This report-the first in Pew’s Payday Lending in America series-answers major questions about who borrowers are demographically; how people borrow; how much they spend; why they use payday loans; what other options they have; and whether state regulations reduce borrowing or simply drive borrowers online.
Twelve million American adults use payday loans annually. On average, a borrower takes out eight loans of $375 each per year and spends $520 on interest.
Pew’s survey found 5.5 percent of adults nationwide have used a payday loan in the past five years, with three-quarters of borrowers using storefront lenders and almost one-quarter borrowing online. State re gulatory data show that borrowers take out eight payday loans a year, spending about $520 on interest with an average loan size of $375. Overall, 12 million Americans used a storefront or online payday loan in 2010, the most recent year for which substantial data are available.
Most payday loan borrowers are white, female, and are 25 to 44 years old. However, after controlling for other characteristics, there are five groups that have higher odds of having used a payday loan: those without a four-year college degree; home renters; African Americans; those earning below $40,000 annually; and those who are separated or divorced. It is notable that, while lower income is associated with a higher likelihood of payday loan usage, other factors can be more predictive of payday borrowing than income. For example, low-income homeowners are less prone to usage than higher-income renters: 8 percent of renters earning $40,000 to $100,000 have used payday loans, compared with 6 percent of homeowners earning $15,000 up to $40,000.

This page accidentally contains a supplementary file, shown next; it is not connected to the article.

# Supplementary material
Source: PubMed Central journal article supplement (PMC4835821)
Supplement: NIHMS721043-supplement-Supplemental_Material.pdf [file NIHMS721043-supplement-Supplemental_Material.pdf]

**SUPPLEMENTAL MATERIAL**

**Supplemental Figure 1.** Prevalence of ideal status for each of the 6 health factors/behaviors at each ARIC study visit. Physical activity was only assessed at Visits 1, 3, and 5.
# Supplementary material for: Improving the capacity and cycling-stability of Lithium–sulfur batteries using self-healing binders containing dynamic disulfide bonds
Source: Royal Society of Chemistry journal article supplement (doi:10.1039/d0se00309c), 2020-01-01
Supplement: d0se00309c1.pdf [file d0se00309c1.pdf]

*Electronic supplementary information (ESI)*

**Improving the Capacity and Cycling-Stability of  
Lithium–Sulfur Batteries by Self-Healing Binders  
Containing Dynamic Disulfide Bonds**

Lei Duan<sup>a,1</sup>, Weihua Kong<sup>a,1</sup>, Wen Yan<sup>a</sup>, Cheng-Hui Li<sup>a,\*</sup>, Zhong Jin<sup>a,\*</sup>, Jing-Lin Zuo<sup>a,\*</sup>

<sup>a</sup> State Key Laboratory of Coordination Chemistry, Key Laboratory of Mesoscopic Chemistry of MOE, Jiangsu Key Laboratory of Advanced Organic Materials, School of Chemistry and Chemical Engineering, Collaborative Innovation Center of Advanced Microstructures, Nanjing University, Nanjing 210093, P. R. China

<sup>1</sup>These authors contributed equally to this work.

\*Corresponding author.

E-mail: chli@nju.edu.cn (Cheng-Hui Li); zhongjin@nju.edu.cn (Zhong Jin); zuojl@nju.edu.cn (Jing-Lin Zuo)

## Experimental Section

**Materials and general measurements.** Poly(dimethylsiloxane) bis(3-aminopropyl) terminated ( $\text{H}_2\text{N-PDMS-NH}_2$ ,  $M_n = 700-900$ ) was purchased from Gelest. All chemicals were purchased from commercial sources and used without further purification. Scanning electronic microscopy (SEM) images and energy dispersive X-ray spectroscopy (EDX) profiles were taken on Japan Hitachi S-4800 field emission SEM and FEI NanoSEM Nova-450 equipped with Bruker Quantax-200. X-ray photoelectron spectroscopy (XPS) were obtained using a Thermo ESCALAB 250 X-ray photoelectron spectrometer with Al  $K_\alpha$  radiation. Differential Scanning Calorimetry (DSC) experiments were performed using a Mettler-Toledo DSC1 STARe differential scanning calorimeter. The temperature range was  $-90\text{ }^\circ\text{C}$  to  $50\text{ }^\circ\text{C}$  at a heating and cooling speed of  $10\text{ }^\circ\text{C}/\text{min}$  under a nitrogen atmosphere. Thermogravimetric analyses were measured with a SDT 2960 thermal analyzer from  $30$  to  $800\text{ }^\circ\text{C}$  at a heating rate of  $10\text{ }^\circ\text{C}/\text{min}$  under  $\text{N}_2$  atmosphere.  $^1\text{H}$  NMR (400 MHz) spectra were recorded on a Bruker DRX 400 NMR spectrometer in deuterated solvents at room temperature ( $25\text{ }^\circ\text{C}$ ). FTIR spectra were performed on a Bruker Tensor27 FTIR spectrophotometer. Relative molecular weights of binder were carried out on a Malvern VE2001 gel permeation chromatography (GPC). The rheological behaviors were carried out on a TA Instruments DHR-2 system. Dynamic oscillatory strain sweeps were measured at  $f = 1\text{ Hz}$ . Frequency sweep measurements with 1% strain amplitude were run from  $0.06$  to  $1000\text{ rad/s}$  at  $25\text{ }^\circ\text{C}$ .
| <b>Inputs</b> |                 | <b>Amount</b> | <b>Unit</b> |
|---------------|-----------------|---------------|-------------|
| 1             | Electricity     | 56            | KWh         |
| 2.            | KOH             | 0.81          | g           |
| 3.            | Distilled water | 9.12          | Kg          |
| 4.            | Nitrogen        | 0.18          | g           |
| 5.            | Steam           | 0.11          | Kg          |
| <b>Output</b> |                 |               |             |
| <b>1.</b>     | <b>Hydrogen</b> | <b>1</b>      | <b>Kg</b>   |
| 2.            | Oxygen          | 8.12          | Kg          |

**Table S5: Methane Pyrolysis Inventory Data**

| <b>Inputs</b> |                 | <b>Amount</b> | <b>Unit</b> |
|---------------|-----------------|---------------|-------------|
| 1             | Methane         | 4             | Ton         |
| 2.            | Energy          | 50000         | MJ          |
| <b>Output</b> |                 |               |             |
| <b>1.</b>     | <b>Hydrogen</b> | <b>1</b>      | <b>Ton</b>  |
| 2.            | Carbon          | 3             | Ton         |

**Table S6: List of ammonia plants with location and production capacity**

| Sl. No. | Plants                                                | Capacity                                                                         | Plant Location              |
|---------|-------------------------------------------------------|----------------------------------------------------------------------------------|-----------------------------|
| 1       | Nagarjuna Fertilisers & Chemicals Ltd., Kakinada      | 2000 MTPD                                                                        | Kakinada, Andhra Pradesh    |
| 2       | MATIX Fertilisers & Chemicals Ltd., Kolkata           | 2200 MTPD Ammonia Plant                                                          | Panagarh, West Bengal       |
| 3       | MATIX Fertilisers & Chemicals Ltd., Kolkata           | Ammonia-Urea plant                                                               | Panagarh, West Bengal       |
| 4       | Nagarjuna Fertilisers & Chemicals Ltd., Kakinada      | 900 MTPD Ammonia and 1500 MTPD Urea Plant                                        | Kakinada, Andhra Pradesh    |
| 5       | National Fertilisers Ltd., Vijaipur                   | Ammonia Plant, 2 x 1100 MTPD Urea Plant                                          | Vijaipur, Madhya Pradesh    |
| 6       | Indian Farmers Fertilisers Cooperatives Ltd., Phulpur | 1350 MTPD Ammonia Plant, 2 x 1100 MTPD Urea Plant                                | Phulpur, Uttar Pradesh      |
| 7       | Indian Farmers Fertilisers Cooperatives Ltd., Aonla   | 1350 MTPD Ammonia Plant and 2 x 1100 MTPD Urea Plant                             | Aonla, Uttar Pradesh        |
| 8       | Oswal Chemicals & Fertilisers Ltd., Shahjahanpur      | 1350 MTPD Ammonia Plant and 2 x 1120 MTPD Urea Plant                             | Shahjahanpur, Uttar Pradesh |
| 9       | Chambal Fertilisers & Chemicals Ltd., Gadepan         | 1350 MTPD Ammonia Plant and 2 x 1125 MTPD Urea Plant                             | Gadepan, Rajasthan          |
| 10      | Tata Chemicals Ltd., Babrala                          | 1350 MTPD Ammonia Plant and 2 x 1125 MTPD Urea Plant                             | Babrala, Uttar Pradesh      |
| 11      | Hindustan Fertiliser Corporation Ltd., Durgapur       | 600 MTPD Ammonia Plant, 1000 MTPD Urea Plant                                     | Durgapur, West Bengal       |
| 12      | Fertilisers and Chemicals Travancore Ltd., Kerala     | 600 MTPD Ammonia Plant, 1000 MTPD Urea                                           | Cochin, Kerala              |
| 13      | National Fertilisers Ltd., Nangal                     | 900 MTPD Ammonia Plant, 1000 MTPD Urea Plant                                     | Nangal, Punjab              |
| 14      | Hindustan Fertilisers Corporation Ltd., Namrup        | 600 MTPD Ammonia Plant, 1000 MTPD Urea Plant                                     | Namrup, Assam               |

Most borrowers use payday loans to cover ordinary living expenses over the course of months, not unexpected emergencies over the course of weeks. The average borrower is indebted about five months of the year.
Payday loans are often characterized as short-term solutions for unexpected expenses, like a car repair or emergency medical need. However, an average borrower uses eight loans lasting 18 days each, and thus has a payday loan out for five months of the year. Moreover, survey respondents from across the demographic spectrum clearly indicate that they are using the loans to deal with regular, ongoing living expenses. The first time people took out a payday loan:
- 69 percent used it to cover a recurring expense, such as utilities, credit card bills, rent or mortgage payments, or food;
- 16 percent dealt with an unexpected expense, such as a car repair or emergency medical expense.
If faced with a cash shortfall and payday loans were unavailable, 81 percent of borrowers say they would cut back on expenses. Many also would delay paying some bills, rely on friends and family, or sell personal possessions.
When presented with a hypothetical situation in which payday loans were unavailable, storefront borrowers would utilize a variety of other options. Eighty-one percent of those who have used a storefront payday loan would cut back on expenses such as food and clothing. Majorities also would delay paying bills, borrow from family or friends, or sell or pawn possessions. The options selected the most often are those that do not involve a financial institution. Forty-four percent report they would take a loan from a bank or credit union, and even fewer would use a credit card (37 percent) or borrow from an employer (17 percent).
In states that enact strong legal protections, the result is a large net decrease in payday loan usage; borrowers are not driven to seek payday loans online or from other sources.
In states with the most stringent regulations, 2.9 percent of adults report payday loan usage in the past five years (including storefronts, online, or other sources). By comparison, overall payday loan usage is 6.3 percent in more moderately regulated states and 6.6 percent in states with the least regulation. Further, payday borrowing from online lenders and other sources varies only slightly among states that have payday lending stores and those that have none. In states where there are no stores, just five out of every 100 would-be borrowers choose to borrow payday loans online or from alternative sources such as employers or banks, while 95 choose not to use them.